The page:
Oireachtas committee hears assisted dying has no overall impact on reducing suicide rates
Posted 8 November 2023
An Oireachtas committee has heard assisted dying has no overall impact on reducing suicide rates.
Associate Professor Anne Doherty told the Joint Committee on Assisted Dying that a systematic review examining the often made argument that assisted dying reduces suicide rates had found “suicide rates did not significantly change” in countries that had introduced any form of assisted dying.
“We found… there was no overall reduction in self-initiated deaths, and that overall, suicide rates did not significantly change,” said the consultant liaison psychiatrist at the Mater Hospital and academic at the UCD School of Medicine.
The Joint Committee on Assisted Dying was established to consider and make recommendations for legislative and policy change related to a statutory right to assist a person to end their life and a statutory right to receive such assistance.
A medical expert in the specialty of integrated care for people with mental and physical health problems, Associate Professor Doherty is a local Clinical Lead for Self-Harm and Suicide-related ideation, and provides mental health care to people with cancer as part of the Psycho-Oncology Service of the National Cancer Control Programme.
In her evidence to the committee she expressed concerns about people with treatable mental illness accessing voluntary assisted dying.
“We identified that in Oregon and Switzerland the research reported a significant increase in older women seeking assisted dying and dying by suicide, and this is concerning because older women have high rates of depression.
“This trend raised the question of whether these deaths were being driven by potentially treatable depressive illnesses being left untreated, and whether there is a gendered impact influencing this."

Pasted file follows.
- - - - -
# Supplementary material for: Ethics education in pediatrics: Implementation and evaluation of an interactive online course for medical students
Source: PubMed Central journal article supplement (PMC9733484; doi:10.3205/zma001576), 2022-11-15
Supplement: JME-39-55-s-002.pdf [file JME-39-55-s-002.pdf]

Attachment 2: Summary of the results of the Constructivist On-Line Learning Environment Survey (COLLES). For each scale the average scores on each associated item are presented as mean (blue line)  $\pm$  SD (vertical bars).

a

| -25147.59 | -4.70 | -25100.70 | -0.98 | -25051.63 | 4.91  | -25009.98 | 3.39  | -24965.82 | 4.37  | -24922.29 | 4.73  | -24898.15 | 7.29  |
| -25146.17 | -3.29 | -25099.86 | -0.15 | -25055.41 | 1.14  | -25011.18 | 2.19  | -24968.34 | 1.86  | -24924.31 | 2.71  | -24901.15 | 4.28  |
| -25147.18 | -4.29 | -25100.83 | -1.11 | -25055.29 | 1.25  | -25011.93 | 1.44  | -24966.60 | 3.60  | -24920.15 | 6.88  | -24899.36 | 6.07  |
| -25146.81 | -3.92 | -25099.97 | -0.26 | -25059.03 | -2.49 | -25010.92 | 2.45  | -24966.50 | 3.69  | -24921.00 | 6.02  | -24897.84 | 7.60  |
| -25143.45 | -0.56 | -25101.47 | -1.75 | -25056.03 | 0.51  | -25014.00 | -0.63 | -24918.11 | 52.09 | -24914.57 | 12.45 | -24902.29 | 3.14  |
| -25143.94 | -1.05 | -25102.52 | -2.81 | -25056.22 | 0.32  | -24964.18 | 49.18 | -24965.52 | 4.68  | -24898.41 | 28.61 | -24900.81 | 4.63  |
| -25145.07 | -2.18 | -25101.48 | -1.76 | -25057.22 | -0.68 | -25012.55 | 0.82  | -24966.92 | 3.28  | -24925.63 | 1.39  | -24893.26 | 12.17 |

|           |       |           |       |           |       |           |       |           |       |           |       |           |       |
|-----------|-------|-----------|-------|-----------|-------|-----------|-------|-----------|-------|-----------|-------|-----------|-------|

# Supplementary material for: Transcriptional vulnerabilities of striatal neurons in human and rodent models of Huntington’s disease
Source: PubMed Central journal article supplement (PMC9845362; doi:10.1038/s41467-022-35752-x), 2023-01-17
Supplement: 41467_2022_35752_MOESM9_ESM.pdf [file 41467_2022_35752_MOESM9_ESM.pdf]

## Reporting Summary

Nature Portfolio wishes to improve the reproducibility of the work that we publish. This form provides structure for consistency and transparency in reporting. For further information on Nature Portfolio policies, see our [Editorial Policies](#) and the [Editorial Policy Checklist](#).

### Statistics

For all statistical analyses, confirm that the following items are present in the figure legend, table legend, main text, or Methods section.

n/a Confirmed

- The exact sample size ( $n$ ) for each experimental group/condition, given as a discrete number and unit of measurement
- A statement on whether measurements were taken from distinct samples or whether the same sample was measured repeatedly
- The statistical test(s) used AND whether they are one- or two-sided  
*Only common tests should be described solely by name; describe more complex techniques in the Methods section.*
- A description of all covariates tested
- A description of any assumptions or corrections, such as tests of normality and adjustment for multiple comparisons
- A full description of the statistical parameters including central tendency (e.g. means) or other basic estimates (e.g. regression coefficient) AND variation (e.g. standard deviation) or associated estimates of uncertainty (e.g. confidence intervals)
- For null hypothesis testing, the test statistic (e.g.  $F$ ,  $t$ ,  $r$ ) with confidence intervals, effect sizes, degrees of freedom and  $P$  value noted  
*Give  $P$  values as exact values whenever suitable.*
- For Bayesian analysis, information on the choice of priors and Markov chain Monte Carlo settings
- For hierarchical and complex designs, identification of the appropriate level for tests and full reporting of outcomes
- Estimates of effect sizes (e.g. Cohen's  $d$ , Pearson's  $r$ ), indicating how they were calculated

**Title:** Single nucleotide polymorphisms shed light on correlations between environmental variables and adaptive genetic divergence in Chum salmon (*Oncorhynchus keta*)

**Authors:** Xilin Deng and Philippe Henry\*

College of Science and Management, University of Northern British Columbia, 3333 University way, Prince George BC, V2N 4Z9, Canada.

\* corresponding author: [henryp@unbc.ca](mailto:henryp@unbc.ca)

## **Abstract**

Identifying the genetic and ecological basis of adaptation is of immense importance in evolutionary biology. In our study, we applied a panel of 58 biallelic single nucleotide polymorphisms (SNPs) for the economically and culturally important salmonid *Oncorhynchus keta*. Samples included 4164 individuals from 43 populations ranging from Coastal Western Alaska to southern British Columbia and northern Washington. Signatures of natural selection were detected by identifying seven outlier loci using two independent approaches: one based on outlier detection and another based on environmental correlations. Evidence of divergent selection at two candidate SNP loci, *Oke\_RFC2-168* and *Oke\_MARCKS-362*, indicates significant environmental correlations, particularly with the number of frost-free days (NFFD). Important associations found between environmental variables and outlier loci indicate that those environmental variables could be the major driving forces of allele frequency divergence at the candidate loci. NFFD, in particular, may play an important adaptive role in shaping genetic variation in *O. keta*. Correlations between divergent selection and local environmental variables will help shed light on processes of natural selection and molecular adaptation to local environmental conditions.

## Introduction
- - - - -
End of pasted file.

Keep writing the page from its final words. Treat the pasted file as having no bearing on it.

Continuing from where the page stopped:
She noted that the premise of many assisted dying laws in other countries such as Queensland, Australia were founded on the basis that a person “is experiencing intolerable suffering which cannot be relieved”.
“Can mental distress be as severe as physical symptoms in terms of quality of life? Absolutely yes, and this is why in Canada a court challenge has resulted in a change in the law to allow people to access assisted suicide on grounds of mental illness alone.”
Adding: “People can have a significant depression, with symptoms which include low mood, hopelessness, negativity towards the future and a wish to die, without necessarily lacking capacity.
“However, in such a case the person’s low mood will certainly affect how they think and how they experience emotion. It’s hard to know how we would robustly ensure that a person in this situation would receive mental health treatment if they had an entitlement under the law to assisted dying. As well as mental health conditions and cognitive conditions, there are a range of psychosocial factors which might impact on decision-making such as coercion and elder abuse,” she added.
Ireland has had notable success in reducing suicide rates in the past decade, Associate Professor Doherty said, but that there remains stigma towards mental health challenges.
Mental healthcare in Ireland receives around 6% of the health budget compared to 12-13% in other comparable countries, something she told the committee needed to be addressed to ensure that people are “providing the highest standard possible of health care both mental and physical and that [they] have full access to adequate palliative care and mental healthcare.”
“It would be a travesty if assisted dying became a substitute for assistance in living.”
By: David Kearns, Digital Journalist / Media Officer, UCD University Relations
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